Every person that reviewed this movie poorly is clinically retarded. Would you believe severely traumatized?
All of you who loved the television series Get Smart should LOVE this movie. It may have quelled some fears if the tag “consultants: Mel Brooks and Buck Henry” came at the beginning of the movie, since these original series co-creators can hardly touch anything without it being comedic genius (I say anything because, I’m sorry, Dracula: Dead and Loving It should have been aborted like a…well put in your own analogy, I don’t want to sound uncaring.)
The movie follows Maxwell Smart (portrayed flawlessly by Steve Carell), a formerly portly analyst for C.O.N.T.R.O.L that has dreams of making it big like his hero, Agent 23 (played by Dwayne Johnson). When K.A.O.S. agents infiltrate the C.O.N.T.R.O.L. HQ and compromise the names of all their agents, it’s up to Max and Agent 99 (sensuously played by Anne Hathaway) to save the President and the city of Los Angeles from destruction.
First off, the casting was spot on. Steve Carell was able to keep the Don Adams sly confidence and dry wit without losing too much of the lovable ineptitude. Anne Hathaway plays 99 deliciously, with a mix of deadly sexuality and bite. The supporting cast does just as well, with notable performances by the ever fantastic Alan Arkin as the Chief, and Terrance Stamp as Siegfried of K.A.O.S. Even at the end we get Hymie, the lovable robot agent played by none other than the hilarious Patrick Warburton.
Now I must say it isn’t EXACTLY like the series. People need to realize that the type of humor Mel Brooks went for in the 60′s is not the type of humor he goes for today (if you’ve seen Robin Hood: Men in Tights, you know what I mean). While there was a lot of over the top humor back in the day, it wasn’t all sight gags, and they weren’t always so banal; it was somewhat more highbrow compared to the over the top sight gags of today. Obviously we have to very quickly get these characters up to speed, as they don’t have a gajillion episodes to flesh out and solidify characters, so we do miss stronger character arcs.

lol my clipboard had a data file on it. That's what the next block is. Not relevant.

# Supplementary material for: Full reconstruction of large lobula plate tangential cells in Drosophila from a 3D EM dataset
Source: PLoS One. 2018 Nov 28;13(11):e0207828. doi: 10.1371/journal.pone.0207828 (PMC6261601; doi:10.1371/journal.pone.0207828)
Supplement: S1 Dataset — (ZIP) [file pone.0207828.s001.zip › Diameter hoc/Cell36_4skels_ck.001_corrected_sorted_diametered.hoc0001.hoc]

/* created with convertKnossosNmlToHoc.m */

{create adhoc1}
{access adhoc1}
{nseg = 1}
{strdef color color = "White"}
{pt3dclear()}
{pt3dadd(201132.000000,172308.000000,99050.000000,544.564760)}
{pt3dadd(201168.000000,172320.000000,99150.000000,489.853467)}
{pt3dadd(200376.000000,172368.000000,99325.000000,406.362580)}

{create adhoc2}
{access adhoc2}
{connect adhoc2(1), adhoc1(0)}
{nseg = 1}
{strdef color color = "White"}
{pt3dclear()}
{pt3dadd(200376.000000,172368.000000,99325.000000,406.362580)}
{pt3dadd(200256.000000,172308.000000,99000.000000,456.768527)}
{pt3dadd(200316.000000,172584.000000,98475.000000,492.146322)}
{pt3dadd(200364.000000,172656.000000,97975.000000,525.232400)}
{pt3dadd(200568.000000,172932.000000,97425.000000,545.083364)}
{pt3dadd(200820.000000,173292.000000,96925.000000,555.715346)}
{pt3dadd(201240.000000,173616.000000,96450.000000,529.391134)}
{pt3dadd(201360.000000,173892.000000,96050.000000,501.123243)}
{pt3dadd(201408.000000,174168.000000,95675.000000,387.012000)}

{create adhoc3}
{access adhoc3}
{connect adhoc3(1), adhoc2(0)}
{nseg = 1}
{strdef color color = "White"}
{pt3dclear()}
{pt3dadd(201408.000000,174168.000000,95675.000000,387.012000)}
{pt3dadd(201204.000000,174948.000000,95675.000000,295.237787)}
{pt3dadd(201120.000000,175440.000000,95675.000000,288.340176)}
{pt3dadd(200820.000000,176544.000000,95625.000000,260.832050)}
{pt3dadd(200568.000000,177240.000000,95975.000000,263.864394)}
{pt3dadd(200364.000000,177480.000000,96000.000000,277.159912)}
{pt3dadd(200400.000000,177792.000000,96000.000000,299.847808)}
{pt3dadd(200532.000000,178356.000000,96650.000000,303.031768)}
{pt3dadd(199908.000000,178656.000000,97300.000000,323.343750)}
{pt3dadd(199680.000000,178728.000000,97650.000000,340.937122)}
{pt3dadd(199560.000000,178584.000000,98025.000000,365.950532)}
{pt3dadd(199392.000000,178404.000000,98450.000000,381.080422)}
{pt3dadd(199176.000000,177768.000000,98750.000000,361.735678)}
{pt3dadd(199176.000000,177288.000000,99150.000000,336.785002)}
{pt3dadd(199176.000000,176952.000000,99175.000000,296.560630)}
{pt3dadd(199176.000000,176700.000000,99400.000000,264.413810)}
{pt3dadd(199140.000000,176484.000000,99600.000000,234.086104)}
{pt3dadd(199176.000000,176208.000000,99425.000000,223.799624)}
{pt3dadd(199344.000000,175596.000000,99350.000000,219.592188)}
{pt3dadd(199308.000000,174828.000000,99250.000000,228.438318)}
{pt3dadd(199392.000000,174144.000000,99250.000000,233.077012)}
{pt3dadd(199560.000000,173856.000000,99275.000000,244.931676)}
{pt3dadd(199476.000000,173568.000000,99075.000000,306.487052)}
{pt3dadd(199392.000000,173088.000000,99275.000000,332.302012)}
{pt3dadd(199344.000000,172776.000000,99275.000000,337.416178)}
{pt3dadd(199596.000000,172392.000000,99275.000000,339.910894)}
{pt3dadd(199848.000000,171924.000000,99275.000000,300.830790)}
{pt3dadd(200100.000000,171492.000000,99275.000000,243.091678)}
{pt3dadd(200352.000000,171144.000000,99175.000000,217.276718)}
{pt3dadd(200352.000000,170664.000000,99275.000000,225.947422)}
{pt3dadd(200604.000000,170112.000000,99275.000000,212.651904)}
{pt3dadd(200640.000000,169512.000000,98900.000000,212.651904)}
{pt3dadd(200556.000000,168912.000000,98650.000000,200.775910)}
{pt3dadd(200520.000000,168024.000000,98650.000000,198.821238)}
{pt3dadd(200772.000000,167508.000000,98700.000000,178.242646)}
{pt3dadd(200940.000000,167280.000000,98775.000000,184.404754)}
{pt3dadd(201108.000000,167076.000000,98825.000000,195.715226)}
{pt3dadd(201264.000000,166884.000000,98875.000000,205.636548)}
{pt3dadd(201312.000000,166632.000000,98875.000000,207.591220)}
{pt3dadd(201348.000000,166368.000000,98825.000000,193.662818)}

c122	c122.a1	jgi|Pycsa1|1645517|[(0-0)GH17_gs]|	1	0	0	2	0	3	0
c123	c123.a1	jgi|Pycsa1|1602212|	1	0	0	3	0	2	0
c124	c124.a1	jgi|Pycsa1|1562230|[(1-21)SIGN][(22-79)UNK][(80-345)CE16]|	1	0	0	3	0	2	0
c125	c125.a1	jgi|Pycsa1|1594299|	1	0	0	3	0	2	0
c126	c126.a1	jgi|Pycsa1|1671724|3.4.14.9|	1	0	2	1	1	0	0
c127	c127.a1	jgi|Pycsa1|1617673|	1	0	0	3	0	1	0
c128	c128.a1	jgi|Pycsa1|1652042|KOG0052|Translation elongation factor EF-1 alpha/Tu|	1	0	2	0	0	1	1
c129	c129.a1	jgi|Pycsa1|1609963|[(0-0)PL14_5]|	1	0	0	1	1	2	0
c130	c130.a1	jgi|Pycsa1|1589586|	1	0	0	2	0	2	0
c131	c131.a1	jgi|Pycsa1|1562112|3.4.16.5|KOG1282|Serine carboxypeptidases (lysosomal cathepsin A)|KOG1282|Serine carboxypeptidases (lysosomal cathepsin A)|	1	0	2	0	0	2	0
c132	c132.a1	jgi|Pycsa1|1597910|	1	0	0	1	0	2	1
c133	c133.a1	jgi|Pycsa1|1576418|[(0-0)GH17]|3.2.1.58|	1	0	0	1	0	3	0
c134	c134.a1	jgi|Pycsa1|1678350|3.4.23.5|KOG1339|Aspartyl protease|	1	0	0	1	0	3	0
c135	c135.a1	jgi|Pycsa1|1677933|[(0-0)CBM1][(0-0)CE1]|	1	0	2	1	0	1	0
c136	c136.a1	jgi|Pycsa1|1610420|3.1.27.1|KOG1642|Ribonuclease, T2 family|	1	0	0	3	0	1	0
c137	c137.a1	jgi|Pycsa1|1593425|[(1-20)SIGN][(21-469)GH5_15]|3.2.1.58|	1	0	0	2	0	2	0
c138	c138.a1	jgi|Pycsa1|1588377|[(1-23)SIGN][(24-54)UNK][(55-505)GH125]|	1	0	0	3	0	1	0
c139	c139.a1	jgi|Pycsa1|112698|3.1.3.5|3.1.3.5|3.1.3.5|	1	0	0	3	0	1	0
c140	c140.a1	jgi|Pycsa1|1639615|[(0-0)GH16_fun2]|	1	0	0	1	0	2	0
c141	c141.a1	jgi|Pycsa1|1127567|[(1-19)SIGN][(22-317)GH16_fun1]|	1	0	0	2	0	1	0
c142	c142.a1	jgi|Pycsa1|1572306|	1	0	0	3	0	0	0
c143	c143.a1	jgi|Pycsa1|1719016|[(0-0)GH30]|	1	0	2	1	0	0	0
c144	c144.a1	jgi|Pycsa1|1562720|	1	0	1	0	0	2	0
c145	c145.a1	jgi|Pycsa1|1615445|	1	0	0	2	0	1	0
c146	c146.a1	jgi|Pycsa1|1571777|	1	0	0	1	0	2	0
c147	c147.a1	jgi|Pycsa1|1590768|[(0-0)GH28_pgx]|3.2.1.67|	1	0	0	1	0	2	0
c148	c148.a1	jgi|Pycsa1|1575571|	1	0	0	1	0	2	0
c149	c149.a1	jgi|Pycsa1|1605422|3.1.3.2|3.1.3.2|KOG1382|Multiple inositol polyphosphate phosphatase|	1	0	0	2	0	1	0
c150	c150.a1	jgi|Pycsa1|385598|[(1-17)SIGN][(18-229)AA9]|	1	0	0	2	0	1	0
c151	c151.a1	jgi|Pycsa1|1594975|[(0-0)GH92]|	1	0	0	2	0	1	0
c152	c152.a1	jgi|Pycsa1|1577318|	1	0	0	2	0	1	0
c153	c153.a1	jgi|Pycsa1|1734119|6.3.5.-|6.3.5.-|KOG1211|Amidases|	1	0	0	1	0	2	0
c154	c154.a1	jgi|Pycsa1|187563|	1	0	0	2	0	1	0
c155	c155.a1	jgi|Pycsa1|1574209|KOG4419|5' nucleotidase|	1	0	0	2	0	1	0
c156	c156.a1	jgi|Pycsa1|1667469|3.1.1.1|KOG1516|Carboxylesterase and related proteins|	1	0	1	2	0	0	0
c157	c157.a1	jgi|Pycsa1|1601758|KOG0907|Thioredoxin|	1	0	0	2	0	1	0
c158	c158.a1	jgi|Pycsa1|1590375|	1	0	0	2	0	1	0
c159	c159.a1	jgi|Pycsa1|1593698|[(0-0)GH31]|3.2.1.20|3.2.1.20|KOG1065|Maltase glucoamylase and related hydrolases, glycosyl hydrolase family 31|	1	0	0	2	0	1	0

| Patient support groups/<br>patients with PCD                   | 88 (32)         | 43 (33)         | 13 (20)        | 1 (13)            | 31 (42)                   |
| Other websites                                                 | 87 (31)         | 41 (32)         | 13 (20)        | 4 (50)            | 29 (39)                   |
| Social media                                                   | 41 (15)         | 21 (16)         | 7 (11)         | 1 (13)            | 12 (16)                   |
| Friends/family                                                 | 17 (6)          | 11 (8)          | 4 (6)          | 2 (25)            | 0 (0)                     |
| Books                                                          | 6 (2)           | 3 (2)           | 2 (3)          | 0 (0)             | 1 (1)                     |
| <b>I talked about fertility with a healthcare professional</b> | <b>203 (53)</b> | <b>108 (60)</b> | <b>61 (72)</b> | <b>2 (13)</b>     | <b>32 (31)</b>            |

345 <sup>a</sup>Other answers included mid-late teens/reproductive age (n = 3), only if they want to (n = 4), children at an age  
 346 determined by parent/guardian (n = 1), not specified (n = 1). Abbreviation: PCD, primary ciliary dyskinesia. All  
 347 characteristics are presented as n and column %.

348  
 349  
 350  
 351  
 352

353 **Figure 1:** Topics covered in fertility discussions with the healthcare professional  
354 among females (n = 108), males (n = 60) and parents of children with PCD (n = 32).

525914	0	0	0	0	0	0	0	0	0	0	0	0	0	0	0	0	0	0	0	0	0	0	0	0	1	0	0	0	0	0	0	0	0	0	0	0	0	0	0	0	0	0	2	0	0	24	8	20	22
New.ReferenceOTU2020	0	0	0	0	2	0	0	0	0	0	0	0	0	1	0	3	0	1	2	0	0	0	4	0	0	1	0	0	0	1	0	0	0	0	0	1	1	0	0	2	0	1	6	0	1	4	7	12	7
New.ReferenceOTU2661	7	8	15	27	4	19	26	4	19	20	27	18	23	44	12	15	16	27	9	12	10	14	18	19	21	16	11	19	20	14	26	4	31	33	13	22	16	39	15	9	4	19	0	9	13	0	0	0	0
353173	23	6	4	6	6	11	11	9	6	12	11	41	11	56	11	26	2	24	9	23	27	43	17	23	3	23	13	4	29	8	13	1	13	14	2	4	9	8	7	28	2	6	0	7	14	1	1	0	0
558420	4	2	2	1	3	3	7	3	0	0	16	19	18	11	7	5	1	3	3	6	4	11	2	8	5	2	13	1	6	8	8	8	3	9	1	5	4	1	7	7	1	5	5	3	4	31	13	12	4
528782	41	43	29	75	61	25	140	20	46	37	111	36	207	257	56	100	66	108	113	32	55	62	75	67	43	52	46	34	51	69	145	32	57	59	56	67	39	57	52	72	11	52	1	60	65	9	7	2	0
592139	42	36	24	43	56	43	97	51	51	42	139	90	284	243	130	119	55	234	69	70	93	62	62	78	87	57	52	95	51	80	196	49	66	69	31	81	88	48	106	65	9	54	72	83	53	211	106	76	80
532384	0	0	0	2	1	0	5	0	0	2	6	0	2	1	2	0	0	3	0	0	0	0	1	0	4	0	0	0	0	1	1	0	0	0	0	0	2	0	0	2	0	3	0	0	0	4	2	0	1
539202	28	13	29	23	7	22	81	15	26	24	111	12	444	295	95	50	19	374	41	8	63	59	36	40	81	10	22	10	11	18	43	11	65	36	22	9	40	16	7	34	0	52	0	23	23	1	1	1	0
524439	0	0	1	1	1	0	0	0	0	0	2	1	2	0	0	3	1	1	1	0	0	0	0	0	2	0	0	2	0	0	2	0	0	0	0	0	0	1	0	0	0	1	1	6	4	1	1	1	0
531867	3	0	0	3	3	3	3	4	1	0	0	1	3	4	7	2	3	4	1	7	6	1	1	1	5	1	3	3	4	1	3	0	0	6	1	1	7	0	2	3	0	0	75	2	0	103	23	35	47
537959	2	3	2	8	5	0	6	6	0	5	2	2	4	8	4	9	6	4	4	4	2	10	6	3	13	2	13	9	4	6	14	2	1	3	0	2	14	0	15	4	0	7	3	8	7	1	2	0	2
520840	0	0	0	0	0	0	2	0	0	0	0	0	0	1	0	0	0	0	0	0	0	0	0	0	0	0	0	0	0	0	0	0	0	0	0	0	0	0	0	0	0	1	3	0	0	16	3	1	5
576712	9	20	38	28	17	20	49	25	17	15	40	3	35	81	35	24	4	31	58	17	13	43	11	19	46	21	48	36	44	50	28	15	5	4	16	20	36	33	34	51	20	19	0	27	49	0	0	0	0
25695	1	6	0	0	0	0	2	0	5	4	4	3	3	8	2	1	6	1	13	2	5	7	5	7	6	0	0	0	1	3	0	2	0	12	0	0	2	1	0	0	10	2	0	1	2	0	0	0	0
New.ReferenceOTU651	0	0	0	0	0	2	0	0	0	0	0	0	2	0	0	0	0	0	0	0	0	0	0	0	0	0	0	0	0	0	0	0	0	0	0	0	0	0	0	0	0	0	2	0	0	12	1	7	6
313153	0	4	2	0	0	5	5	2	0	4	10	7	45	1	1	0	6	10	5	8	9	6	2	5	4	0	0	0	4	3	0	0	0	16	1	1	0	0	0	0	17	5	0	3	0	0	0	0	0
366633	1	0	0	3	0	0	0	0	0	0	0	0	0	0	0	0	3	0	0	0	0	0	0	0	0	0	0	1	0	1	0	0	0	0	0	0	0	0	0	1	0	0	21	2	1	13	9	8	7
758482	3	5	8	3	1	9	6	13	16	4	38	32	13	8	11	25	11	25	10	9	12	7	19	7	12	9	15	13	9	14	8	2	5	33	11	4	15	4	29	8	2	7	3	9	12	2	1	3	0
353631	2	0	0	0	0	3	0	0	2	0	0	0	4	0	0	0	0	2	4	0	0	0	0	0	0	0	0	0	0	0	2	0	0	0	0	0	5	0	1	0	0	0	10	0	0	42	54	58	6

My two main disappointments were the direction they took agent 23′s character at the end (spoiler alert, he’s the bad guy too), and PART of the 86 character. For the Rock’s part, he played the character of suave, cool 23 very well. I just felt that making him a bad guy was a little forced; it didn’t quite feel right at the end of the movie. As for Max, Carell again does a great job getting the audience to like him as he tries to act courageous and knowledgeable, and is of course really just a complete fish out of water. There were parts though where he was actually TOO competent. The Max of the television series would NEVER have been able to actually hit something he aimed at with a gun, let alone several times. There also, and this is funny to gripe about, were not enough accidents.
A lot of the situations that Max got into, or got out of, were completely accidental. Anyone who watched cartoons from the 60′s and 70′s knows Hong Kong Phooey, who would act like he was the shit, but it was really his trusty cat Spot that would get him out of messes. In Get Smart, 86 would find his way into a situation and would either stumble out, or stumble around while Barbara Feldon got him out. That was part of Max’s appeal, that cocky self assuredness that never rubbed you the wrong way because you knew he meant well, and he acted that way because he was making up for the fact that half the time he was just faking it and was hoping to get credit for style points.
All in all it was an incredibly funny movie that paid a great deal of respect to the original series, and while a couple elements did fall under what would be seen as spot on, the overall picture was a joy to watch. I hope that they take note of the couple kinks in the characters and build on that for next time.